Russian navy to provide security
Russian naval ships are to watch over the extraction of oil and other bio-resources in the disputed regions of the Caspian sea. In the meantime, Russian sailors are training in the waters of the Caspian, which neighbouring states have so far failed to demarcate.
In 2003, Russia, Azerbaijan, Iran, and Turkmenistan, all of which are in the Caspian region, signed a framework convention called the “Tehran Convention”, on the protection of the Caspian sea. Despite the signing of the convention, neighbouring countries in the Caspian region have failed to agree on the legal status of their common sea.
Iran has suggested the sharing of the Caspian into equal parts, with each nation owning 20 per cent. Azerbaijan has rejected such a division, because it could lead to a third of the country’s Caspian waters coming under the jurisdiction of Iran.
There is now a possibility of a peaceful and just solution of the problem. Kazakhstan and Russia have signed an agreement on the sharing of the Caspian seabed in the northern part, in order to have the sovereign right for the use of the seabed. Azerbaijan and Kazakhstan have also signed a similar agreement, and Russia, Kazakhstan and Azerbaijan have agreed the borders of their parts of the Caspian seabed.
But the problems of the protection of Russia’s interests in the Caspian remain. Listen to what Colonel Igor Gorbul, an aide to the commander of the Southern Military District and head of the press seervice of the District told VOR on the issue:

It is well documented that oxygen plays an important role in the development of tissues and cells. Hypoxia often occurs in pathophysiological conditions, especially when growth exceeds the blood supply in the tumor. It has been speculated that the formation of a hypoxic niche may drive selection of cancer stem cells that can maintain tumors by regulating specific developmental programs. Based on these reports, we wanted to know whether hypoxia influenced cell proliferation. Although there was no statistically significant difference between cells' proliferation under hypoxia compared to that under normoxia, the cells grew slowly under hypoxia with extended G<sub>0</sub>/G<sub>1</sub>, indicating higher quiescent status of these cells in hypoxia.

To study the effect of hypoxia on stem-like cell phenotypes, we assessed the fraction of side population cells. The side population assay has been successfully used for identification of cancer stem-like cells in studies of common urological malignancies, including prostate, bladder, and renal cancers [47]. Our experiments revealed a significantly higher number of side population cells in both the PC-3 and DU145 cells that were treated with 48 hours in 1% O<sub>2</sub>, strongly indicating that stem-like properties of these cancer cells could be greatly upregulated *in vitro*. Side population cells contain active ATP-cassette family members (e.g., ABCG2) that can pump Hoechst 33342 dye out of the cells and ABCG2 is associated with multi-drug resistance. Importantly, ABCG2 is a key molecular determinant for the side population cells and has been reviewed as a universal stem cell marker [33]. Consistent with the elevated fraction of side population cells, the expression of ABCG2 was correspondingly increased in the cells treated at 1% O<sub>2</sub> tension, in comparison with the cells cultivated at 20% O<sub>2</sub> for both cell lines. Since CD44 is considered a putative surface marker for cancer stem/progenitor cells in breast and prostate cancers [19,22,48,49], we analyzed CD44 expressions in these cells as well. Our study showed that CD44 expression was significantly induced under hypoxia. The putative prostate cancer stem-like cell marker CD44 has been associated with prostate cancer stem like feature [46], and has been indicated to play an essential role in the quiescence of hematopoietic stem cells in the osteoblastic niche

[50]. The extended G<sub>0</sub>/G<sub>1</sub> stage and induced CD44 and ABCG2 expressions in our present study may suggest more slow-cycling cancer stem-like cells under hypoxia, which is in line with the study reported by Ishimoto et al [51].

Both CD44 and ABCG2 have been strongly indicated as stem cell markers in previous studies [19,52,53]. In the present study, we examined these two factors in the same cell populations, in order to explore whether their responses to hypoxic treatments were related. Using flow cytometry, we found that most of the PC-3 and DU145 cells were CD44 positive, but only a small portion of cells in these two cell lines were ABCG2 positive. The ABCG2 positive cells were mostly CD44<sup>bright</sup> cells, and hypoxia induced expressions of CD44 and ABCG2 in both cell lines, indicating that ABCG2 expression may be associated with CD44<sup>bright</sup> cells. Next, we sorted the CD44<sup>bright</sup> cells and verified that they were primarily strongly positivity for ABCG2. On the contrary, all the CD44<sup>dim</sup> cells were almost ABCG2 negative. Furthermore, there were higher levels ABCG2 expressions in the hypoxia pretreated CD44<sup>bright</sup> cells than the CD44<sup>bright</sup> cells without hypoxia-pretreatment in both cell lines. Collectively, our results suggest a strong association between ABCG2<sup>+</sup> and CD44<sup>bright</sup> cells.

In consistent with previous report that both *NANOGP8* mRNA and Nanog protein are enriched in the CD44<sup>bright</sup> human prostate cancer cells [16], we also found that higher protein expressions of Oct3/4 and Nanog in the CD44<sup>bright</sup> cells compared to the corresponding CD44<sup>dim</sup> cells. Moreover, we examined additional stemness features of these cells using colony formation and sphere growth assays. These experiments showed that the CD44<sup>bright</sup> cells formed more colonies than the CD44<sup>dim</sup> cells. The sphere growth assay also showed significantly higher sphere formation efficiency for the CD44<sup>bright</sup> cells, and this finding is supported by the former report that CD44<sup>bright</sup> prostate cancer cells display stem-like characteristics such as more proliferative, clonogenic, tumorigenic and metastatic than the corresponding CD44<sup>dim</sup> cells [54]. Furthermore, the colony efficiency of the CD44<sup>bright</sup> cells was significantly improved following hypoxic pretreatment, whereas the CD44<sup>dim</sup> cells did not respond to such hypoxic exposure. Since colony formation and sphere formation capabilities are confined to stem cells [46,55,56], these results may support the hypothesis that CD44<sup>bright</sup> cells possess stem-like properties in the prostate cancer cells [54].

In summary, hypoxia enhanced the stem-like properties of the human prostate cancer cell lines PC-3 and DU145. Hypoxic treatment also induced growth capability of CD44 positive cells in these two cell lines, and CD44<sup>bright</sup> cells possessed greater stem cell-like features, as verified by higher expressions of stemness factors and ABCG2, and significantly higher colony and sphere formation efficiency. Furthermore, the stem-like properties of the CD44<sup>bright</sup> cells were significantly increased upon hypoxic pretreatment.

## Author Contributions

"The Russian navy ships of the Caspian Fleet, comprising the gun boat Astrakhan and a sea tug, have sailed into the Caspian sea, where they are to carry out military duties and to ensure the military presence of Russia in thqt important region. The ships are to protect Russian vessels, and ensure the safety of the country’s oil producing industry against possible threat, as well a s watch over the production of oil and other bio-resources in the disputed regions of the sea. In carrying out these duties, the crews of the gun boat and the sea tug, together with the marines, who are taking part in the exercise, will work on how to repel an attack by imaginary terrorists," Colonel Igor Gorbul said.
The dispatch of navy ships to the Caspian by Russia is not mere saber rattling, but a logical and necessary step, says Sergei Chernyakhovsky, a political commentator:
"Countries create naval fleets to protect their merchant vessels and to defend shipping industries against any hostile acts from pirates or other hostile forces. It is also quite normal that these skills should be practiced," said Chernyakhovsky.
"Russia is in such a position that it must again assert its rights. Hence the country, more than other nations, should act fimly to protect its national interests. Negotiations should be held over the Caspian sea but Russia should negotiate from a position of strength," Sergei Chernuavsky said.